Triumph In The Skies: A Different Kind of Tension

Francis Ng gazes soulfully, Triumph In The Skies, 2003

Francis Ng gazes soulfully, Triumph In The Skies, 2003

Gotta say that, despite myself, I really liked this series. It’s one of the most popular dramas ever made in Hong Kong and it made stars out of several of its younger cast members (notably the Solar 4 or S4—Bosco Wong, Sammul Chan, Ron Ng and Kenneth Ma) when it was first aired back in 2003. But it also made Francis Ng into a major idol, which, although he’d won acting awards and starred in many HK movies, he’d never been before in his home territory. His role as Sam Tong, the principled and upstanding pilot of the fictional Solar Airways, was a killer star vehicle for him and allowed him to showcase his great dramatic range to a hometown audience who had been mostly “meh” to the idea of him as a heroic figure.

The show is pretty expensive by TVB standards, with location shoots in Italy, Japan, and Australia, and has a huge and fairly decent cast including TVB queen Flora Chan as well as Francis as star-crossed lovers. Cinematography, art direction, lighting, and direction are all solid and the storyline isn’t too cringeful, although of course there are classic melodramatic moments including several hospital and near-death scenes, many love triangles, and various other common soapy contrivances. But a lot of the show concentrates on the professional training of airline pilots, which is presented in a surprisingly gripping manner and is deftly interwoven with the crisscrossing romantic storylines.

Fly me, Triumph In The Skies, 2003

Fly me, Triumph In The Skies, 2003

The plot revolves around the lives of various people working for Solar Airways in Hong Kong’s International Airport, including pilots, flight attendants, and ground crews. Sam (Francis Ng) and Belle (Flora Chan), the main characters, meet by chance in Rome and, after chasing through the city in a series of coincidental meetings, hook up and have hot (off-screen) sex. But a plot contrivance drives them apart and the next time they see each other Belle is dating Sam’s best friend and fellow pilot Vincent (Joe Ma). The rest of the series pretty much follows Sam and Belle’s attempts to resolve the mess of their relationship and their unrequited desire for each other.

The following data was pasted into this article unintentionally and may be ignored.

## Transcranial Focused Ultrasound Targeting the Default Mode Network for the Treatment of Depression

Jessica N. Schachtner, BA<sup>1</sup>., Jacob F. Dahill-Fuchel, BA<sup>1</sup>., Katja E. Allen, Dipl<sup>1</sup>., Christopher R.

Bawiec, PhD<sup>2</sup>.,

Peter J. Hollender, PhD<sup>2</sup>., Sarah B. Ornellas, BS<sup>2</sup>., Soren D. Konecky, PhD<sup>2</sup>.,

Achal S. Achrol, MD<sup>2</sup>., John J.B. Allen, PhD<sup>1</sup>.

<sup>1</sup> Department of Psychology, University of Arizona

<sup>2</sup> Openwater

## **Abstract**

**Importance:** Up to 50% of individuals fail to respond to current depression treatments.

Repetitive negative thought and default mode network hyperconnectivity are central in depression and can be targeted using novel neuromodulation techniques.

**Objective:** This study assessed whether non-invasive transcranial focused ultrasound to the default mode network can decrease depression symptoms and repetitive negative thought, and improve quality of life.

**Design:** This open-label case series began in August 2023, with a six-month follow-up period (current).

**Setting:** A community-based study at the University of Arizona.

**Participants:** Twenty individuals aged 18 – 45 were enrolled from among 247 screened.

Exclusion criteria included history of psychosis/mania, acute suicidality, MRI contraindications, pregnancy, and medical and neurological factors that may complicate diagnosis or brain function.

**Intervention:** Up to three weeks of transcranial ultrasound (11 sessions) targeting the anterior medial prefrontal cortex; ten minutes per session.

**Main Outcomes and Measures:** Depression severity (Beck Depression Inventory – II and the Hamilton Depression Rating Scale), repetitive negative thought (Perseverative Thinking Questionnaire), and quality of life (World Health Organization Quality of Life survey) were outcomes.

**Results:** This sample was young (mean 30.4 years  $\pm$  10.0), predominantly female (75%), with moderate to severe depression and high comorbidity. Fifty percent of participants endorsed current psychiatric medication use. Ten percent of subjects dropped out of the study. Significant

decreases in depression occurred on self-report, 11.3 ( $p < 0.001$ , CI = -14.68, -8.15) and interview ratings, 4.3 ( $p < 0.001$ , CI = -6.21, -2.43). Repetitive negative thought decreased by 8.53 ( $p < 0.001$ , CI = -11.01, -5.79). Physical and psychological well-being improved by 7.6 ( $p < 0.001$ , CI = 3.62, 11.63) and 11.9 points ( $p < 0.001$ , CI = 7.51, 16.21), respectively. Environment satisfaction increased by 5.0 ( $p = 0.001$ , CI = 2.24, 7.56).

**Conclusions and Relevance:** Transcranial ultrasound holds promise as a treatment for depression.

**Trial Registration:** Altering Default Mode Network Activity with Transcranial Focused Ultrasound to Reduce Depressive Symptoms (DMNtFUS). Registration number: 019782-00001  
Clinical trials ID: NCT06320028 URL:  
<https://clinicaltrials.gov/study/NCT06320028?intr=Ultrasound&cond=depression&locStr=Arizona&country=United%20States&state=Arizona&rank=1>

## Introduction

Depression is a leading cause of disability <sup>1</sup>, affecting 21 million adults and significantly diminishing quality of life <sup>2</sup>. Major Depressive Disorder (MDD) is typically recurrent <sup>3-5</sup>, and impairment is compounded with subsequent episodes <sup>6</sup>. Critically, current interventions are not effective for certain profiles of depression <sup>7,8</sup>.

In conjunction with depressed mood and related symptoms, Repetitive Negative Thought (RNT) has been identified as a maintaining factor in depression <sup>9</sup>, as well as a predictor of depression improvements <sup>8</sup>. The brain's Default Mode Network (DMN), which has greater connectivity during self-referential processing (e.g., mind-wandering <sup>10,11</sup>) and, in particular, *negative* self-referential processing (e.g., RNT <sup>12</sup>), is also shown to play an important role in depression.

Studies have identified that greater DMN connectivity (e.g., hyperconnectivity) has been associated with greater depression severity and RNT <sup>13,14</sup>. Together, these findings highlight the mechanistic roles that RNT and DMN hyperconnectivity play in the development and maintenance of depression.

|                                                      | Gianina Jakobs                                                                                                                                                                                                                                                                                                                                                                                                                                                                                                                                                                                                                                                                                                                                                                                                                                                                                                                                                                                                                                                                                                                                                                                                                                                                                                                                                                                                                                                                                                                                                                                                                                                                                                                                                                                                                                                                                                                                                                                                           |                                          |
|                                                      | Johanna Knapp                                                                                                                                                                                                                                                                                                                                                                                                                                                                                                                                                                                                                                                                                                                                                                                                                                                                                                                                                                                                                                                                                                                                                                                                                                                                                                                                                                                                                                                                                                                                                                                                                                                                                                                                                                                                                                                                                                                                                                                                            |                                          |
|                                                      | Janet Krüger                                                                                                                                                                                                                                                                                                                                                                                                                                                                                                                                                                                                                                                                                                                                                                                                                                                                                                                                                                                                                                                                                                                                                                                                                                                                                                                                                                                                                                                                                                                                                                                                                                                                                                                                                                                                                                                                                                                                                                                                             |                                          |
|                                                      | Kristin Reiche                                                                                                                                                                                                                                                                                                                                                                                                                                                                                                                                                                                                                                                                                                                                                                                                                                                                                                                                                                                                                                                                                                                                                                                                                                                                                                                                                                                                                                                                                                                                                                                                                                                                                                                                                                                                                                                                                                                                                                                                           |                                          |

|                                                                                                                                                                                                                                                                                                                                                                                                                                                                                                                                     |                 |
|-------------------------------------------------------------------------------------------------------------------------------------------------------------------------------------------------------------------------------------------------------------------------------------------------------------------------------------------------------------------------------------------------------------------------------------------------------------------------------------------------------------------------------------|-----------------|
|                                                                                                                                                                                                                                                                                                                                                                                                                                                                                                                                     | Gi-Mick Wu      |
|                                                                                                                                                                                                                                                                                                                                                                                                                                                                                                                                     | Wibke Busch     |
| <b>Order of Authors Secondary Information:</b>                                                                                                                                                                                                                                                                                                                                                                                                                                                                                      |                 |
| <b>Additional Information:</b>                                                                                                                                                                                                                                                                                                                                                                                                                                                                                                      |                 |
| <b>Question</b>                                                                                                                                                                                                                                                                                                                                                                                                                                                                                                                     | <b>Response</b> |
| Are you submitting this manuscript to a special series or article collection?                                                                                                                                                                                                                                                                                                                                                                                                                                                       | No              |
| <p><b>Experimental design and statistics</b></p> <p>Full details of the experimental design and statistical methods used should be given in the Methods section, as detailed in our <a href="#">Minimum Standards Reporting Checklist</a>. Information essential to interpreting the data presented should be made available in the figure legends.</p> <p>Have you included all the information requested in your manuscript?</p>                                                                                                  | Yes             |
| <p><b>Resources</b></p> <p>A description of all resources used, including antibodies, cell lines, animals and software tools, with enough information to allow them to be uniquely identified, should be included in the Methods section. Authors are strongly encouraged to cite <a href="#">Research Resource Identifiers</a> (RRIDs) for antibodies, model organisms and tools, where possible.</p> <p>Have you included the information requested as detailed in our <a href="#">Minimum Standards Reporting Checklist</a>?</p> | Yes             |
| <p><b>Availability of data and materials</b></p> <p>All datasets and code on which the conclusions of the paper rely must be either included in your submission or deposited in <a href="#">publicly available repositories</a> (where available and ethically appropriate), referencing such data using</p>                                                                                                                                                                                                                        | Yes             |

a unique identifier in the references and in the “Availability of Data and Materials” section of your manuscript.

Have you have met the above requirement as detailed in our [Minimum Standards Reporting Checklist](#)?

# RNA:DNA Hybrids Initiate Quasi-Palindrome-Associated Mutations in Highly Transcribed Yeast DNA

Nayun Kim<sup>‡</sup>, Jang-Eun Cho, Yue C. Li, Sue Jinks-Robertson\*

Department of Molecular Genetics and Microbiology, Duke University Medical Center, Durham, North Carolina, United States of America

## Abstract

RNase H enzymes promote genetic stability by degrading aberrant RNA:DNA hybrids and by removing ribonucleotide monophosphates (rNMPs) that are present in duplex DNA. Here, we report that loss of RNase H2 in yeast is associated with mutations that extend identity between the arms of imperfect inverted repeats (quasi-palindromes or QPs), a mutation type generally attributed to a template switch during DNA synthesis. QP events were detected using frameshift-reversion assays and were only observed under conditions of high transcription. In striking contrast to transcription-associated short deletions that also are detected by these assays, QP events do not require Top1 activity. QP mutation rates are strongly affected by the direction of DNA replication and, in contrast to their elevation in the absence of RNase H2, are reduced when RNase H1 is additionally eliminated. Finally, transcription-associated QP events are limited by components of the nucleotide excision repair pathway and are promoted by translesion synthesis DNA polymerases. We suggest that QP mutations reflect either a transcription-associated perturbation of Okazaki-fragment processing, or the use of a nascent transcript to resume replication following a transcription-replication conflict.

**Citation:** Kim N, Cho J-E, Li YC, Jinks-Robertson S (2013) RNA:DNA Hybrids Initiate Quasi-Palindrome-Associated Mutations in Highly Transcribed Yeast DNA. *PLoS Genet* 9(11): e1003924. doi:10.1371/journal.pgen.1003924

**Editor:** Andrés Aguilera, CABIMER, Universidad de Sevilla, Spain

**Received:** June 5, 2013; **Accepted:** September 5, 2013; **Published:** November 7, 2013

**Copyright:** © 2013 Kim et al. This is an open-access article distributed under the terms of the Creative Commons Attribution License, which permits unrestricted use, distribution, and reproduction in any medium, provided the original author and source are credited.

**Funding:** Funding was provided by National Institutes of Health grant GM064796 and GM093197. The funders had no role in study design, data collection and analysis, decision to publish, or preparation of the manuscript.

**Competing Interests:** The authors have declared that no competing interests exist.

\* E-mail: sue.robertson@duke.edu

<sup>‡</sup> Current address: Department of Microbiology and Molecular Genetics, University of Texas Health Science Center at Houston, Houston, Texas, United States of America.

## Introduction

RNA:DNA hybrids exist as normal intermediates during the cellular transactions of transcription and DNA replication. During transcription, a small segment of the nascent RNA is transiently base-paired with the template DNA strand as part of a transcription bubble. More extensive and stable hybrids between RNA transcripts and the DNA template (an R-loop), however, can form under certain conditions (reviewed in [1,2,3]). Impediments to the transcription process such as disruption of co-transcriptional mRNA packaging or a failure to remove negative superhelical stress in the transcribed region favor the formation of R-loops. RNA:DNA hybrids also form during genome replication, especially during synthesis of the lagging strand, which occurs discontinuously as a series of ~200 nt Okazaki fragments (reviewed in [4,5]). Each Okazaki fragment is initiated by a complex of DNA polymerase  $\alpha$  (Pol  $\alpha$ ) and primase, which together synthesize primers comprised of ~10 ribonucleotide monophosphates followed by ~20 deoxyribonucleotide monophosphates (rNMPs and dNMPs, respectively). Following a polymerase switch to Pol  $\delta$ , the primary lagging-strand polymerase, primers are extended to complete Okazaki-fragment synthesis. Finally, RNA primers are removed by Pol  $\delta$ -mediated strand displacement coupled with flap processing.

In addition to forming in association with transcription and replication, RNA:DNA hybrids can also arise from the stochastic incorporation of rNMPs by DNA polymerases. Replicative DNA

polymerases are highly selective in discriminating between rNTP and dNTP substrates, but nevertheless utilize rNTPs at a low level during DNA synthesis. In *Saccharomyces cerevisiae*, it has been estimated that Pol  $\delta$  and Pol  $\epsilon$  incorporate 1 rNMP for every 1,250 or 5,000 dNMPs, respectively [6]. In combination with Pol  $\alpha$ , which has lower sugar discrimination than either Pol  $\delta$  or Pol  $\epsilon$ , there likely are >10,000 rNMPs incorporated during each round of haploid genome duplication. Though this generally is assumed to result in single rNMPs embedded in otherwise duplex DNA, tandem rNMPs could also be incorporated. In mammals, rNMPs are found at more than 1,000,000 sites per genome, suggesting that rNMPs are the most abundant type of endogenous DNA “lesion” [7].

Francis & Flora get jiggy, Triumph In The Skies, 2003

Flora & Francis get friendly, Triumph In The Skies, 2003

Francis Ng puts in an amazingly disciplined performance—he sustains his character over the course of 40 one-hour episodes and actually shows a believable growth and change, while remaining true to the character’s organic persona. He also proves that he can convincingly play a romantic lead and it’s difficult to imagine that this is the same performer who tore up the scenery playing hard-ass killers in movies like The Mission, Exiled, and Young And Dangerous. The character of Sam could have been an insufferable, controlling bore but Francis makes him intriguing, sympathetic and ultimately loveable despite his restrained personality. This is most evident in Sam’s relationship with Zoe, the younger woman who chases after him and eventually wins his affections. In the hands of a less skillful actor this May-December relationship could have gone horribly wrong but Francis convincingly moves from a reluctant target of Zoe’s affection to gradually becoming a willing partner in the relationship. The show also directly addresses the fifteen-year age difference between the two characters, with running commentary throughout the series on the difficulties of this seemingly mismatched pair finding harmony.